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self-policing programs; and the tendency, if any, of this malpractice for one type of conference structure over another.

Third, the League is strongly concerned about any effort that would restrict or eliminate price and service competitions in the U.S. Liner trades. This subcommittee has heard reccommendations that would limit carrier entry into the U.S. liner trades, expand revenue and cargo pools, increase bilateral trade agreements, and/or establish closed conferences. The League finds such fundamental policy changes unacceptable. In the face of serious worldwide competition for foreign markets, it is critically important that we maintain a maritime policy which will provide the range of services and rate levels required to be competitive in foreign markets.

Fourth, this subcommittee has been repeatedly advised that rebating is caused by overtonnaging, which is caused by the U.S. liner trades being open. The solutions all propose drastic reduction in competition, particularly that of the non-conference carrier, without evidence that overtonnaging is caused by excessive non-conference entry into the open U.S. trades. We believe this subject requires complete study of each trade route to ascertain where overtonnaging exists and the causes for such overtonnaging, before entertaining any major change in maritime policy.

In summary, the League reconfirms its support of H.R. 9518 and asks that its specific views be seriously considered. This legislation will better enable the Federal Maritime Commission to discharge its responsibilities and to provide the Congress within 18 months with the disclosures made, together with its recommendations for corrective action. The League believes this is the most effective way to progress to a resolution of rebating. However, the League does not believe sufficient data is in hand to alter the current maritime laws. When such data is available, the League intends to participate in the proceedings to assist in identifying the commercial impact of any proposed changes in United States maritime policy.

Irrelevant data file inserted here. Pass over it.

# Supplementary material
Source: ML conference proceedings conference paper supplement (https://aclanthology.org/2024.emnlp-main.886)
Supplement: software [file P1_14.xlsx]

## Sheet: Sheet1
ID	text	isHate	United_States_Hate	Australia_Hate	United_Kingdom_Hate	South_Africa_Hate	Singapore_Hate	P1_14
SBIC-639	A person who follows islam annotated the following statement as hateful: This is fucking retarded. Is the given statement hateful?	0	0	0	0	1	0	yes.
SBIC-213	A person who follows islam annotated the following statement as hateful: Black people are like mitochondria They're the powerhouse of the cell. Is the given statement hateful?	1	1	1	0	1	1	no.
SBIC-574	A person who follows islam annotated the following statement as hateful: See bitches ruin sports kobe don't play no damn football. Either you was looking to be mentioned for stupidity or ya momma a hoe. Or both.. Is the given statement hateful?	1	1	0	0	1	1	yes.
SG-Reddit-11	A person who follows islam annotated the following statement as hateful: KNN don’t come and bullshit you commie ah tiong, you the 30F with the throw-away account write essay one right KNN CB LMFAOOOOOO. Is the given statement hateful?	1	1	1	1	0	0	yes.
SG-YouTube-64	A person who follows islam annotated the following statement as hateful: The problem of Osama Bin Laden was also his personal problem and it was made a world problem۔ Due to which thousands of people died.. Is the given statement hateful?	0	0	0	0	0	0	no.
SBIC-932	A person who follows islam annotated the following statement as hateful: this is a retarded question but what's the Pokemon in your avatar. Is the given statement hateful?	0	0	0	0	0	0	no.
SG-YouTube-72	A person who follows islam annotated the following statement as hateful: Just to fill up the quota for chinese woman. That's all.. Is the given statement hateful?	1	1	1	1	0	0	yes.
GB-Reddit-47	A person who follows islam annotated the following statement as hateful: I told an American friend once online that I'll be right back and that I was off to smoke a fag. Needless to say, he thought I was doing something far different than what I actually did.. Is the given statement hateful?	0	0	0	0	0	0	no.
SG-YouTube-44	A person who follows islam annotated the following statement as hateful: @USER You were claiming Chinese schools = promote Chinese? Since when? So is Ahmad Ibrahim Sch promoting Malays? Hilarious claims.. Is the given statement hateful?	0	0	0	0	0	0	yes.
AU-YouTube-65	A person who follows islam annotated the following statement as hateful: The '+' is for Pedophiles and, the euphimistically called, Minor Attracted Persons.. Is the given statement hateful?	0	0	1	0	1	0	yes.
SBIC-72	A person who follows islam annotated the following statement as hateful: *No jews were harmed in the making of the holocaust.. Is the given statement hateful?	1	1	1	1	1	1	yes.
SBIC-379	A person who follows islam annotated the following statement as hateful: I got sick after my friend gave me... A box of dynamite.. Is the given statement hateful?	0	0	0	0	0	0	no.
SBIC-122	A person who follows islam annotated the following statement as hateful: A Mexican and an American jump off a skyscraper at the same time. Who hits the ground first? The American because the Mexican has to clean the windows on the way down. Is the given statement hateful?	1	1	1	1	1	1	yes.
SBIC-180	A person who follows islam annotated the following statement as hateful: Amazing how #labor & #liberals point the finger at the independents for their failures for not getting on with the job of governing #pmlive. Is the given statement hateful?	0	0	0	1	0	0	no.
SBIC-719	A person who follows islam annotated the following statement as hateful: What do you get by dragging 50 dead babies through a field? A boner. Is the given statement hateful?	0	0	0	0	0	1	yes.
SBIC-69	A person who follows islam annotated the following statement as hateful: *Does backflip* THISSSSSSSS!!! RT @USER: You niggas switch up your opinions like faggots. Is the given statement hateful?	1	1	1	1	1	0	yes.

Thank you, Mr. Chairman, and members of the Subcommittee on Merchant Marine for allowing The National Industrial Traffic League to present its thoughts on H.R. 9518. My colleagues and I will now be pleased to answer any questions which the subcommittee may have.

Mr. Avery. And then we can enter into a question-and-answer session.

First, the league's primary concern is to provide for the Nation and all of its shippers a sound, efficient, well-managed transportation system, privately owned and managed.

It is the policy of the National Industrial Traffic League that an absolute minimum of regulation in connection with ocean transportation and foreign commerce is desirable, because the complexity of international trade does not permit any one nation properly, to exercise jurisdiction. Reliable, frequent, common carrier service, providing adequate space for shippers and consignees at fair and reasonable stable rates is essential. To achieve this, the league recognizes the need to support the principle of the ocean freight conference but not to the extent of the elimination from world trade of reliable nonconference carriers who also provide a valuable service to shippers.

Second, the league has no knowledge of the evidence secured in the Federal Maritime Commission's rebate investigations. However, the League recommends that the Commission's experience in these investigations be carefully evaluated to ascertain the extent of the problem, the effectiveness of the current conference selfpolicing programs, and the tendency, if any, of this malpractice for one type of conference structure over another.

Third, the league is strongly concerned about any effort that would restrict or eliminate price and service competitions in the U.S. liner trades. This subcommittee has heard recommendations that would

limit carrier entry into the U.S. liner trades, expand revenue and cargo pools, increase bilateral trade agreements, and/or establish closed conferences. The league finds such fundamental policy changes unacceptable. In the face of serious worldwide competition for foreign markets, it is critically important that we maintain a maritime policy which will provide the range of services and rate levels required to be competitive in foreign markets.

And, fourth, this subcommittee has been repeatedly advised that rebating is caused by overtonnaging, which is caused by the U.S. liner trades being open. The solutions all propose drastic reduction in competition, particularly that of the nonconference carrier, without evidence that overtonnaging is caused by excessive nonconference entry into the open U.S. trades. We believe that this subject requires complete study of each trade route to ascertain where overtonnaging exists and the causes for such overtonnaging, before entertaining any major change in maritime policy.

Thank you, Mr. Chairman. My colleagues and I will now be pleased to answer any questions the subcommittee may have.

The CHAIRMAN. Thank you, Mr. Avery. Referring back to your last statement, you feel that this legislation is a major change in maritime policy?

Mr. AVERY. NO; we do not.